• Make a serious attempt to "stop the war and instability and bring security to the country."
  • Support a forthcoming parliamentary election.
  • Discuss the future of the foreign troop presence.
  • Discuss peace among Hezb-i-Islami, the Taliban and their long-standing rival, the Jamiat.
  • Request the help of the world community and neighboring countries to help achieve peace.
  • Help end production and trade in opium poppy.
  • They didn't discuss the Afghan government's three conditions for "reconciliation" with the insurgent forces: to lay down their arms, break all ties with al Qaida and accept the Afghan Constitution.

    "This is for a future conversation. There wasn't any discussion at this meeting," said Haji Ubaidullah Achakzai, 32, a member of parliament from Spin Boldak, in the south of Taliban-dominated Kandahar province, who also attended.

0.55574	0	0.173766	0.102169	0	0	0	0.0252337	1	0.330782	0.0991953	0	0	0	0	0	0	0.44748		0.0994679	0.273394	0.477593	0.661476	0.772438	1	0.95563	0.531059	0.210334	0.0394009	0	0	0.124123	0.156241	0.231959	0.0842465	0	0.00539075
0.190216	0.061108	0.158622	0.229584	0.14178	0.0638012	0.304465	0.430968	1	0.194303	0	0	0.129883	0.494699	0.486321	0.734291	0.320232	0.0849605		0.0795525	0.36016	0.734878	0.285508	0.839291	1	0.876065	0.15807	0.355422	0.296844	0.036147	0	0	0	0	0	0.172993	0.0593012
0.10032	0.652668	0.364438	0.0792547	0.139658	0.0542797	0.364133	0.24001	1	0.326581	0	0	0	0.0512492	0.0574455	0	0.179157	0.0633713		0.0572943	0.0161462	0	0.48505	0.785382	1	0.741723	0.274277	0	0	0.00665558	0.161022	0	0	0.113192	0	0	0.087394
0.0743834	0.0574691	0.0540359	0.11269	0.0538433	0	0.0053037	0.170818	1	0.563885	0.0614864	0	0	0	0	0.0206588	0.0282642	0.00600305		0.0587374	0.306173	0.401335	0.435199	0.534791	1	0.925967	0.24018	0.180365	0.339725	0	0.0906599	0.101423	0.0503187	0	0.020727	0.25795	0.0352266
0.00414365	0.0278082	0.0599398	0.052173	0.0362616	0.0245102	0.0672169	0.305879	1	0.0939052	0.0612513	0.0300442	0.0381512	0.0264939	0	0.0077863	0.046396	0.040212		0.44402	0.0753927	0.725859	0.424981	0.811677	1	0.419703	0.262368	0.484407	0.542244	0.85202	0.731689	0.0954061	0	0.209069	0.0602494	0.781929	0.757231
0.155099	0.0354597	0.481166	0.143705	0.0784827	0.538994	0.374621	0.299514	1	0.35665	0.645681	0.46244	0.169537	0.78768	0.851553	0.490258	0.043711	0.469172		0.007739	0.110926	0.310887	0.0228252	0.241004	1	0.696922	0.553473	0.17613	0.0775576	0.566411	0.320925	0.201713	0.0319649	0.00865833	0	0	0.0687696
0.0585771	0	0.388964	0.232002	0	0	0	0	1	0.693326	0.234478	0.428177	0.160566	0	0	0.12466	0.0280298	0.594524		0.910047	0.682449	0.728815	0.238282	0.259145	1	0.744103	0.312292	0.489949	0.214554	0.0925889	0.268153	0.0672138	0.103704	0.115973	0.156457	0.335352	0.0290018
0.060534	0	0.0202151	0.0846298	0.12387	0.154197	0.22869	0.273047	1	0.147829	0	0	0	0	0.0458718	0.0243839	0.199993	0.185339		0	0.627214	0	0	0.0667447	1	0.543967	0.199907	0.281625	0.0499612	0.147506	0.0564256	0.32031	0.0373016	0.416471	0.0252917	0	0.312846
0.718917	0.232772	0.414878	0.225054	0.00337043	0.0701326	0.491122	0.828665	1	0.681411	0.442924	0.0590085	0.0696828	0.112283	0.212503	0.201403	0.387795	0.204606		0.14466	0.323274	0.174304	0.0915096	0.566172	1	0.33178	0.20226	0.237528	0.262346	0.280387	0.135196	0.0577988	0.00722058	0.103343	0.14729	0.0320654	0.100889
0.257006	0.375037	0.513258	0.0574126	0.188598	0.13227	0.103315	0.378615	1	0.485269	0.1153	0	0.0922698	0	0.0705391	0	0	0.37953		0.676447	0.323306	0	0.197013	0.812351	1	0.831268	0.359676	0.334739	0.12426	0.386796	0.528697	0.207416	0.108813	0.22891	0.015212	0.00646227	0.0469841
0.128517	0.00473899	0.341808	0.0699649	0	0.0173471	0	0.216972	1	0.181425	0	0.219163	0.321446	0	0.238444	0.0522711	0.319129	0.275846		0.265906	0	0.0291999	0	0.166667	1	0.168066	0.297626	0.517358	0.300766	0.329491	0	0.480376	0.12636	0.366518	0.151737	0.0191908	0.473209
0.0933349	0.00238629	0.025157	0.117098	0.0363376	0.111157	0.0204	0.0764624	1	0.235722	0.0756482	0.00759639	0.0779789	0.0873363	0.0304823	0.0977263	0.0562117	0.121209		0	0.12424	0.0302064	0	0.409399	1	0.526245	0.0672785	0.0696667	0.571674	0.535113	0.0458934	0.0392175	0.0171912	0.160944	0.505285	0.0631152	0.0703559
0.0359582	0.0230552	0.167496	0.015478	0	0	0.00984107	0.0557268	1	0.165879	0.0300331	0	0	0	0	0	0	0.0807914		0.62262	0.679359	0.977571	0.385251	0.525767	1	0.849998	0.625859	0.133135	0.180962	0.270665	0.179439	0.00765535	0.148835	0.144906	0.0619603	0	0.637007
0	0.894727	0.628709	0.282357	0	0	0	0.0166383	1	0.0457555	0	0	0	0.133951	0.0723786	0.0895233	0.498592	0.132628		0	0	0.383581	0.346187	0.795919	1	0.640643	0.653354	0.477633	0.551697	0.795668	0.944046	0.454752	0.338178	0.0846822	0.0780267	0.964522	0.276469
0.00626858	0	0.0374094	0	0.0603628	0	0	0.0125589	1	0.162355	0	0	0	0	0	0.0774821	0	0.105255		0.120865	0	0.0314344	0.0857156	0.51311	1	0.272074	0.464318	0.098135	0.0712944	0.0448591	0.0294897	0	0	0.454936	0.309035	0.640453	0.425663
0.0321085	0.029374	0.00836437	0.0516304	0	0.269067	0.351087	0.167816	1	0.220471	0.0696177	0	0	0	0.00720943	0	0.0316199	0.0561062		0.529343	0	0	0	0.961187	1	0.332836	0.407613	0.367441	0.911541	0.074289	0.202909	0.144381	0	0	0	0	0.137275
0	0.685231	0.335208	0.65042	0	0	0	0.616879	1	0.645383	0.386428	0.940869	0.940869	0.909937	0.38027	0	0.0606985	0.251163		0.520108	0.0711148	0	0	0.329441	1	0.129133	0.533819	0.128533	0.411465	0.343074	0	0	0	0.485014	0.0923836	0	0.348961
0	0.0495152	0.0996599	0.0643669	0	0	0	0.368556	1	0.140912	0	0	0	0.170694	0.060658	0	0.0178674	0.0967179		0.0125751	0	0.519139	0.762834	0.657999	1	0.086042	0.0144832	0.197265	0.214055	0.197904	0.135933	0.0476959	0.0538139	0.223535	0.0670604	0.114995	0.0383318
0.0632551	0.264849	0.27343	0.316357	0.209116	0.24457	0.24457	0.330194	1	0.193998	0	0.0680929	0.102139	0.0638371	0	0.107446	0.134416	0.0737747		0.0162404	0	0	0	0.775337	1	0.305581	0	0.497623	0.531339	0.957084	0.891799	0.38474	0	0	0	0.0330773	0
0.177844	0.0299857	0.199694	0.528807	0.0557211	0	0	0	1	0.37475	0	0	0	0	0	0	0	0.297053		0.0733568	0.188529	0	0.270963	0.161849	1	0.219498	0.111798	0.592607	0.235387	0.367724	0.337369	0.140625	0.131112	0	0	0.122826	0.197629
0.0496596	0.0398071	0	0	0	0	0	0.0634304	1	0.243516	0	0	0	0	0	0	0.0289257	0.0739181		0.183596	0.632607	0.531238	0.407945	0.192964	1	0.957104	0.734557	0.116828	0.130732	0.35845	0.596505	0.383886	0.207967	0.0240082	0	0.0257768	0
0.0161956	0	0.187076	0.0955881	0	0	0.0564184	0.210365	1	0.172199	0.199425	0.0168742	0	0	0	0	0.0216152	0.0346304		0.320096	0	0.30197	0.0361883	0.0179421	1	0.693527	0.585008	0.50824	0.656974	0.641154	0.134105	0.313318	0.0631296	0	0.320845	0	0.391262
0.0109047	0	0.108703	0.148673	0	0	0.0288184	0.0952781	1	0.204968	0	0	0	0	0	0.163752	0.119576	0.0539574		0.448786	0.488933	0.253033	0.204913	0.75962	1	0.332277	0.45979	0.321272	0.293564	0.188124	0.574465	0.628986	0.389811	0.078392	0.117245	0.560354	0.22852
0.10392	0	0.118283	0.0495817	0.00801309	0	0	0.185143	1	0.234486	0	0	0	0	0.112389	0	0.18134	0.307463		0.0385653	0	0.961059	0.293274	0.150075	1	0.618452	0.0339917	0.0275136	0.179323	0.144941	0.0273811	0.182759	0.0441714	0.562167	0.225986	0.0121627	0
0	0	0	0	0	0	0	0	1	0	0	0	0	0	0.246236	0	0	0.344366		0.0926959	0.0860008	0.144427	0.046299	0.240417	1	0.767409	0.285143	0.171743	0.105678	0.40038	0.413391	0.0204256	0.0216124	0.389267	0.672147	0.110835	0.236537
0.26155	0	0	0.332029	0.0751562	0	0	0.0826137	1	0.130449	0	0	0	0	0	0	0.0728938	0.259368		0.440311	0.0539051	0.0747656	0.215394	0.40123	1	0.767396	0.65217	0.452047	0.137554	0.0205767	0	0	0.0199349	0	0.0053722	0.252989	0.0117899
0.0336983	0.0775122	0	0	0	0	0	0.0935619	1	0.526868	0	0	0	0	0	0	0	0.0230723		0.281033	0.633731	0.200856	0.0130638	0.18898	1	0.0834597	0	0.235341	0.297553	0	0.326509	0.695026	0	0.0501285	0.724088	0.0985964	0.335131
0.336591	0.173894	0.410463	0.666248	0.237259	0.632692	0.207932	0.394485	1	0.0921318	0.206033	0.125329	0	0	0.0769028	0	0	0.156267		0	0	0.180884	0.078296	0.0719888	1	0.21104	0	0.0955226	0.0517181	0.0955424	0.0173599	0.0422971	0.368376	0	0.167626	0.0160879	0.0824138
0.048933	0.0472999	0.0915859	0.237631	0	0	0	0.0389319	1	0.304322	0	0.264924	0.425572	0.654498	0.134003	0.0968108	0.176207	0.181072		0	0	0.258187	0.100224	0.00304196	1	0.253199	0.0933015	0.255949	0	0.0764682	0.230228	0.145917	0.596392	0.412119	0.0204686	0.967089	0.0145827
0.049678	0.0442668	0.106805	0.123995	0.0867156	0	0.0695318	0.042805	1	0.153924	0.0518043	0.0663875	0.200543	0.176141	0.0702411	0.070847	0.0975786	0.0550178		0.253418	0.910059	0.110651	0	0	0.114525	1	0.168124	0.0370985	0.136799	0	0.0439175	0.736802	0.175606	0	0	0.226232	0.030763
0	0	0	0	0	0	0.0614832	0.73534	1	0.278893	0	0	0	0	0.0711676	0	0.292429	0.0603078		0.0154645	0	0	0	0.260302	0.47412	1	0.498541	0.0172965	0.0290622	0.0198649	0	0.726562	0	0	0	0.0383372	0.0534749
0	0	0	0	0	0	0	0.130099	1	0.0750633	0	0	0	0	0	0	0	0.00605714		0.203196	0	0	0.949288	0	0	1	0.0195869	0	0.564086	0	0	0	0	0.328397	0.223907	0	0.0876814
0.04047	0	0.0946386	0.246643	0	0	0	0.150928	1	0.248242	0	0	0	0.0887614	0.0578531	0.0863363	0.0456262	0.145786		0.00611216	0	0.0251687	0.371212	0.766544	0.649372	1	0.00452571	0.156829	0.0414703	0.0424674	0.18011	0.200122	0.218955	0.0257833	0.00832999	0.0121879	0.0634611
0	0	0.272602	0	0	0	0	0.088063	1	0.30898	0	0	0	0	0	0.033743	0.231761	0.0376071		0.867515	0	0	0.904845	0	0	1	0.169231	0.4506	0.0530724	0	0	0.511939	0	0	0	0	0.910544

Achakzai said it was time that Afghans traded their guns for pens and paper and that Hekmatyar's supporters "definitely" shared his perspective.

    "That's why they came," he said. "I wish this meeting had been held eight years ago."

    It wasn't clear whether the bottom-up initiative, which still lacks a formal name or an elected chairman, would gain the endorsement of the Afghan government, the Taliban and Hezb-i-Islami, but the conferees divided into groups to lobby for support from the respective parties.

    If they get it, participants in the initiative then will seek the backing of the United States and other foreign powers that have deployed troops and invested in reconstruction in Afghanistan.